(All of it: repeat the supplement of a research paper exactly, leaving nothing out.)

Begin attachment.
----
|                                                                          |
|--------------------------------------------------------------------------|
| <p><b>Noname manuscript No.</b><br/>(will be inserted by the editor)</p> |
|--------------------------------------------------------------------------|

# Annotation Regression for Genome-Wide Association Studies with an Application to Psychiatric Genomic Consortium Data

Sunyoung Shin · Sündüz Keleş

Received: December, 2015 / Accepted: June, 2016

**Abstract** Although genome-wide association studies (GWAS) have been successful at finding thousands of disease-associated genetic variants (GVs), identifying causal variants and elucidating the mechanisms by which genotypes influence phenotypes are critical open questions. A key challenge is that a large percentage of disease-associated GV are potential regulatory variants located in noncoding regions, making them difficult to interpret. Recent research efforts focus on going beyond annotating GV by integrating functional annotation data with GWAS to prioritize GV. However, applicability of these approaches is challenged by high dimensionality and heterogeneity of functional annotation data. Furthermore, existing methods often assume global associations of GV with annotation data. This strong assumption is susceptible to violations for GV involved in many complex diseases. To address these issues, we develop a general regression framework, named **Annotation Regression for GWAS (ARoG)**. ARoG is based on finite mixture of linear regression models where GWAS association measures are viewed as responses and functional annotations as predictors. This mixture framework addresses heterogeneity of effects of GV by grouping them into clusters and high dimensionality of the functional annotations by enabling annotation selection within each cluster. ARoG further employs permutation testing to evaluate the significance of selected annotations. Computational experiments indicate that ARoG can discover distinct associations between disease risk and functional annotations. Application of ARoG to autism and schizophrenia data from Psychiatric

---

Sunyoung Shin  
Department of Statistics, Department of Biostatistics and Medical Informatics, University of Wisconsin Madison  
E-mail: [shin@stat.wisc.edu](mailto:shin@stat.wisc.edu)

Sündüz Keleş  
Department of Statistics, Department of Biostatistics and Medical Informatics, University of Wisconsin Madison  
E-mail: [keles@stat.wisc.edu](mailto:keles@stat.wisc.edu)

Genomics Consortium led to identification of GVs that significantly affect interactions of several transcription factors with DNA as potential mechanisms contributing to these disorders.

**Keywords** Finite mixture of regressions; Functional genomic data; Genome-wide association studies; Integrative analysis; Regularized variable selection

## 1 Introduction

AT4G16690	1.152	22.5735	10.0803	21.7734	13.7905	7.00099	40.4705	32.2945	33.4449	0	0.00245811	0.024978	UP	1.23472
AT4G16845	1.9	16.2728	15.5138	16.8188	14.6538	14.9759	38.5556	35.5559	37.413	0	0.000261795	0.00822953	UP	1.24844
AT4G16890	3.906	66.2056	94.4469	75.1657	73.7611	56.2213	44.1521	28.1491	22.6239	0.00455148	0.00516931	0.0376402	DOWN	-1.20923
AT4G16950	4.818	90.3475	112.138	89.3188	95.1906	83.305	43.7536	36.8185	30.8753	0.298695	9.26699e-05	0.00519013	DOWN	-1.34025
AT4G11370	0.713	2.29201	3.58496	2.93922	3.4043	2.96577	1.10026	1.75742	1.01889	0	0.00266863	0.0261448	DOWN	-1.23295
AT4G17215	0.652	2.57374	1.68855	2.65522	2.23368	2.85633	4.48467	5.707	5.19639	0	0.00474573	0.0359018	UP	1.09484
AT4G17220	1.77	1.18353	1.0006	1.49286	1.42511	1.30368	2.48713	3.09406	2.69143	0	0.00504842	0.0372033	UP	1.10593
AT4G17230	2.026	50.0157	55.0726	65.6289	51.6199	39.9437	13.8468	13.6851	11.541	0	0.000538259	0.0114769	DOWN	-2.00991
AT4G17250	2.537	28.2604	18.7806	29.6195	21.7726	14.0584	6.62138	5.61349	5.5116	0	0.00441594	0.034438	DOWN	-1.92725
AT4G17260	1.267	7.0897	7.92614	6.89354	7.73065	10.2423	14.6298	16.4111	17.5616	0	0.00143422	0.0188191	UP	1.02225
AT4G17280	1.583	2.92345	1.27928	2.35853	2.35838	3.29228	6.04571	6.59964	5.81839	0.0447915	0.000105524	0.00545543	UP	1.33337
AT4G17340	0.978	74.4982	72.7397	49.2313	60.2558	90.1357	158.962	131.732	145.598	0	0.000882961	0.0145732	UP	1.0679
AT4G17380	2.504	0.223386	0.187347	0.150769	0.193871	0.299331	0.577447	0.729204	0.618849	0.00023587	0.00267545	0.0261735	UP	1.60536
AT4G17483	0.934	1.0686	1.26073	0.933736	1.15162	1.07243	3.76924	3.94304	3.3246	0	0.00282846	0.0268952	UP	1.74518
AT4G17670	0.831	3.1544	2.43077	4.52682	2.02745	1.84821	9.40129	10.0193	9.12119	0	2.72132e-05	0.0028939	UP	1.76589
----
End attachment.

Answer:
|                                                                          |
|--------------------------------------------------------------------------|
| <p><b>Noname manuscript No.</b><br/>(will be inserted by the editor)</p> |
|--------------------------------------------------------------------------|

# Annotation Regression for Genome-Wide Association Studies with an Application to Psychiatric Genomic Consortium Data

Sunyoung Shin · Sündüz Keleş

Received: December, 2015 / Accepted: June, 2016

**Abstract** Although genome-wide association studies (GWAS) have been successful at finding thousands of disease-associated genetic variants (GVs), identifying causal variants and elucidating the mechanisms by which genotypes influence phenotypes are critical open questions. A key challenge is that a large percentage of disease-associated GV are potential regulatory variants located in noncoding regions, making them difficult to interpret. Recent research efforts focus on going beyond annotating GV by integrating functional annotation data with GWAS to prioritize GV. However, applicability of these approaches is challenged by high dimensionality and heterogeneity of functional annotation data. Furthermore, existing methods often assume global associations of GV with annotation data. This strong assumption is susceptible to violations for GV involved in many complex diseases. To address these issues, we develop a general regression framework, named **Annotation Regression for GWAS (ARoG)**. ARoG is based on finite mixture of linear regression models where GWAS association measures are viewed as responses and functional annotations as predictors. This mixture framework addresses heterogeneity of effects of GV by grouping them into clusters and high dimensionality of the functional annotations by enabling annotation selection within each cluster. ARoG further employs permutation testing to evaluate the significance of selected annotations. Computational experiments indicate that ARoG can discover distinct associations between disease risk and functional annotations. Application of ARoG to autism and schizophrenia data from Psychiatric

---

Sunyoung Shin  
Department of Statistics, Department of Biostatistics and Medical Informatics, University of Wisconsin Madison  
E-mail: [shin@stat.wisc.edu](mailto:shin@stat.wisc.edu)

Sündüz Keleş  
Department of Statistics, Department of Biostatistics and Medical Informatics, University of Wisconsin Madison  
E-mail: [keles@stat.wisc.edu](mailto:keles@stat.wisc.edu)

Genomics Consortium led to identification of GVs that significantly affect interactions of several transcription factors with DNA as potential mechanisms contributing to these disorders.

**Keywords** Finite mixture of regressions; Functional genomic data; Genome-wide association studies; Integrative analysis; Regularized variable selection

## 1 Introduction

AT4G16690	1.152	22.5735	10.0803	21.7734	13.7905	7.00099	40.4705	32.2945	33.4449	0	0.00245811	0.024978	UP	1.23472
AT4G16845	1.9	16.2728	15.5138	16.8188	14.6538	14.9759	38.5556	35.5559	37.413	0	0.000261795	0.00822953	UP	1.24844
AT4G16890	3.906	66.2056	94.4469	75.1657	73.7611	56.2213	44.1521	28.1491	22.6239	0.00455148	0.00516931	0.0376402	DOWN	-1.20923
AT4G16950	4.818	90.3475	112.138	89.3188	95.1906	83.305	43.7536	36.8185	30.8753	0.298695	9.26699e-05	0.00519013	DOWN	-1.34025
AT4G11370	0.713	2.29201	3.58496	2.93922	3.4043	2.96577	1.10026	1.75742	1.01889	0	0.00266863	0.0261448	DOWN	-1.23295
AT4G17215	0.652	2.57374	1.68855	2.65522	2.23368	2.85633	4.48467	5.707	5.19639	0	0.00474573	0.0359018	UP	1.09484
AT4G17220	1.77	1.18353	1.0006	1.49286	1.42511	1.30368	2.48713	3.09406	2.69143	0	0.00504842	0.0372033	UP	1.10593
AT4G17230	2.026	50.0157	55.0726	65.6289	51.6199	39.9437	13.8468	13.6851	11.541	0	0.000538259	0.0114769	DOWN	-2.00991
AT4G17250	2.537	28.2604	18.7806	29.6195	21.7726	14.0584	6.62138	5.61349	5.5116	0	0.00441594	0.034438	DOWN	-1.92725
AT4G17260	1.267	7.0897	7.92614	6.89354	7.73065	10.2423	14.6298	16.4111	17.5616	0	0.00143422	0.0188191	UP	1.02225
AT4G17280	1.583	2.92345	1.27928	2.35853	2.35838	3.29228	6.04571	6.59964	5.81839	0.0447915	0.000105524	0.00545543	UP	1.33337
AT4G17340	0.978	74.4982	72.7397	49.2313	60.2558	90.1357	158.962	131.732	145.598	0	0.000882961	0.0145732	UP	1.0679
AT4G17380	2.504	0.223386	0.187347	0.150769	0.193871	0.299331	0.577447	0.729204	0.618849	0.00023587	0.00267545	0.0261735	UP	1.60536
AT4G17483	0.934	1.0686	1.26073	0.933736	1.15162	1.07243	3.76924	3.94304	3.3246	0	0.00282846	0.0268952	UP	1.74518
AT4G17670	0.831	3.1544	2.43077	4.52682	2.02745	1.84821	9.40129	10.0193	9.12119	0	2.72132e-05	0.0028939	UP	1.76589